Former intelligence worker Edward Snowden revealed himself as the source of documents outlining a massive effort by the NSA to track cell phone calls and monitor the e-mail and Internet traffic of virtually all Americans. He says he just wanted the public to know what the government was doing. "Even if you're not doing anything wrong, you're being watched and recorded," he said. Snowden has been granted temporary asylum in Russia after initially fleeing to Hong Kong. He has been charged with three felony counts, including violations of the U.S. Espionage Act, over the leaks.
THE GUARDIAN, GLENN GREENWALD AND LAURA POITRAS
Military analyst Daniel Ellsberg leaked the 7,000-page Pentagon Papers in 1971. The top-secret documents revealed that senior American leaders, including three presidents, knew the Vietnam War was an unwinnable, tragic quagmire. Further, they showed that the government had lied to Congress and the public about the progress of the war. Ellsberg surrendered to authorities and was charged as a spy. During his trial, the court learned that President Richard Nixon's administration had embarked on a campaign to discredit Ellsberg, illegally wiretapping him and breaking into his psychiatrist's office. All charges against him were dropped. Since then he has lived a relatively quiet life as a respected author and lecturer.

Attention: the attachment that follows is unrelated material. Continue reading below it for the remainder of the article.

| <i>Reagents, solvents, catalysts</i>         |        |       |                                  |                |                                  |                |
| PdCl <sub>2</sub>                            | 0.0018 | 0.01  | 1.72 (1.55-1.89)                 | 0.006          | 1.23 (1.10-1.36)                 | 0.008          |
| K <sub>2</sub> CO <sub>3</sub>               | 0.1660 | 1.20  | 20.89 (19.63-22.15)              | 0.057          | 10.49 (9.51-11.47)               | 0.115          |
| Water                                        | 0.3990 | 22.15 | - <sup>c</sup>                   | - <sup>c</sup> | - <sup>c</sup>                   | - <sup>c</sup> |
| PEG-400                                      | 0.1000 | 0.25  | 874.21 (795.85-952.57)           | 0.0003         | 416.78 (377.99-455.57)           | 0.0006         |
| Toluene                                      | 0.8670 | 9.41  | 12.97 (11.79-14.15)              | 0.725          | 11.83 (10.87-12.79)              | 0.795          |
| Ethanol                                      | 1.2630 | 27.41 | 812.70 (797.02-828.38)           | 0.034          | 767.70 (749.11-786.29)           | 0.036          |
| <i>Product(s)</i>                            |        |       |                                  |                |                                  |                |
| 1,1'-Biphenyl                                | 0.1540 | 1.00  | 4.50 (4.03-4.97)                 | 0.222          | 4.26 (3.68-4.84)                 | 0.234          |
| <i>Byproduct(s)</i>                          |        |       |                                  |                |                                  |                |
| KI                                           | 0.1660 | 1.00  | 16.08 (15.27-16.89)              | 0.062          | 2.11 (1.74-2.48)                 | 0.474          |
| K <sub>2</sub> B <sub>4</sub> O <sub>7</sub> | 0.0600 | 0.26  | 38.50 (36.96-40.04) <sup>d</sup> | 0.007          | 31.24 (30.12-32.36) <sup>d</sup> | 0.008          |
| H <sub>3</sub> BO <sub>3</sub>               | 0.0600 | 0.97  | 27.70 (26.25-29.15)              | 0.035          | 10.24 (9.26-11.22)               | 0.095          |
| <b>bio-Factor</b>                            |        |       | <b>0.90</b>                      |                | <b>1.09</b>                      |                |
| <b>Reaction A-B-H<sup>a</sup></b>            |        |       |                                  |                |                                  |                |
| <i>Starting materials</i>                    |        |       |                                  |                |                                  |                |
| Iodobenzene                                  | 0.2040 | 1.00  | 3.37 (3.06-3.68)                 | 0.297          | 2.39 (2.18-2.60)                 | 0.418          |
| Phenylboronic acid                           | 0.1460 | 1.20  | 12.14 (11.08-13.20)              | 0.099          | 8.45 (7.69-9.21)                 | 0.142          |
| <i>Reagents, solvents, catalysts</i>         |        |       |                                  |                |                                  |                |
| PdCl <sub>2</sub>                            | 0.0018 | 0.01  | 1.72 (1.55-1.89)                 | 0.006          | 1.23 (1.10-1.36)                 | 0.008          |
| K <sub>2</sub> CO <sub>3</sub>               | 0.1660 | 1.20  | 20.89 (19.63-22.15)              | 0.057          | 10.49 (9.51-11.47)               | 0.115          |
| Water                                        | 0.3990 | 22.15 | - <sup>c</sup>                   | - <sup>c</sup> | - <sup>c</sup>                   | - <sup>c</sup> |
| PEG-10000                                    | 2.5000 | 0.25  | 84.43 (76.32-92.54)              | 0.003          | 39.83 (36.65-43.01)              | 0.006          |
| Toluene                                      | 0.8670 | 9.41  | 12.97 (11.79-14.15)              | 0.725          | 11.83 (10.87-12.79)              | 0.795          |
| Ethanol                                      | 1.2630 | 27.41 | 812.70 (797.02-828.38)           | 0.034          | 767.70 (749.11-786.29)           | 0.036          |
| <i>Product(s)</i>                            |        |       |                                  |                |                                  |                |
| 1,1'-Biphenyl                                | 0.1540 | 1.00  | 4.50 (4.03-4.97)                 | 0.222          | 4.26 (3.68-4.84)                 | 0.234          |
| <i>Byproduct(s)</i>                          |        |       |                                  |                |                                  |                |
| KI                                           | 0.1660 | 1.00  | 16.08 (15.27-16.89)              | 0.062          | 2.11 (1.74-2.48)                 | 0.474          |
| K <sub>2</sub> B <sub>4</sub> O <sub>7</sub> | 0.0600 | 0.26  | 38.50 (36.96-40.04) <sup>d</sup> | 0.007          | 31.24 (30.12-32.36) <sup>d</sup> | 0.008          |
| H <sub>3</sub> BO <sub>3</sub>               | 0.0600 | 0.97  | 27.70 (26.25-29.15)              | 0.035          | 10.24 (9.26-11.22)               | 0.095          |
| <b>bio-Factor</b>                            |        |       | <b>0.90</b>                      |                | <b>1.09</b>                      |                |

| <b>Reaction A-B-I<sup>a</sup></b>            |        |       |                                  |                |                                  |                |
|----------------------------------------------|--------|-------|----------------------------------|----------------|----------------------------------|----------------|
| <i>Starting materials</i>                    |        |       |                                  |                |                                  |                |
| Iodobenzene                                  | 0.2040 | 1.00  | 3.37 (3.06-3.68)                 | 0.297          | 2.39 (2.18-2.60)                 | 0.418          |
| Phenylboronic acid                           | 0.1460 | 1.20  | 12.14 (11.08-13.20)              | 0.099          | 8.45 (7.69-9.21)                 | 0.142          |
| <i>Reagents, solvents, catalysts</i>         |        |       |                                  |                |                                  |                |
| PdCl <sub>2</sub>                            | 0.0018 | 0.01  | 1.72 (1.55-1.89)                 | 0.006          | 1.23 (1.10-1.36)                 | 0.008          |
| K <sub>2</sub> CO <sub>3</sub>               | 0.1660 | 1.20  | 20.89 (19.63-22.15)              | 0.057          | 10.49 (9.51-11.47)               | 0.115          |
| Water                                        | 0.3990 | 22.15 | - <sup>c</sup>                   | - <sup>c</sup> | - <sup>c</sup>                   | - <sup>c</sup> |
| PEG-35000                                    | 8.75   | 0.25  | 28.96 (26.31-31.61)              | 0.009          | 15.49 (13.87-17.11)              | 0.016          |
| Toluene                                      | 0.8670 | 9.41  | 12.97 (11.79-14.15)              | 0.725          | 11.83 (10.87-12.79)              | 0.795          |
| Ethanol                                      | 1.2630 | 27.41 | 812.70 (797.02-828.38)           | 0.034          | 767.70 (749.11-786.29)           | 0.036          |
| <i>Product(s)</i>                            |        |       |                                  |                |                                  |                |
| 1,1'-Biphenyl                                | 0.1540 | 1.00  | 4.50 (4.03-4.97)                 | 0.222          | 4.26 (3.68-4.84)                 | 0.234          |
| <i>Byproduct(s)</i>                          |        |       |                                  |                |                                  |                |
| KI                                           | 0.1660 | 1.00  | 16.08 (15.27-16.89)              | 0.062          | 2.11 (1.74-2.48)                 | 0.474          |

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Starting in 1932, the U.S. Public Health Service studied untreated syphilis in black men who thought they were getting free health care. The patients weren't told of their affliction or sufficiently treated. Peter Buxtun, who worked for the Public Health Service, relayed information about the Tuskegee syphilis experiment to a reporter in 1972, which halted the 40-year study. His testimony at congressional hearings led to an overhaul of the Health, Education and Welfare rules concerning work with human subjects. A class-action lawsuit was settled out-of-court for $10 million, with the U.S. government promising free medical care to survivors and their families. Here, participants talk with a study coordinator.
In 2005, retired deputy FBI director Mark Felt revealed himself to be the whistle-blower "Deep Throat" in the Watergate scandal. He anonymously assisted Washington Post reporters Carl Bernstein and Bob Woodward with many of their stories about the Nixon administration's cover-up after the June 1972 break-in at the Democratic National Committee headquarters. The stories sparked a congressional investigation that eventually led to President Nixon's resignation in 1974. The Post won a Pulitzer Prize for its coverage. Felt was convicted on unrelated conspiracy charges in 1980 and eventually pardoned by President Ronald Reagan before slipping into obscurity for the next quarter-century. He died in 2008 at age 95.
Mordechai Vanunu, who worked as a technician at Israel's nuclear research facility, leaked information to a British newspaper and led nuclear arms analysts to conclude that Israel possessed a stockpile of nuclear weapons. Israel has neither confirmed nor denied its weapons program. An Israeli court convicted Vanunu in 1986 after Israeli intelligence agents captured him in Italy. He was sentenced to 18 years in prison. Since his release in 2004, he has been arrested on a number of occasions for violating terms of his parole.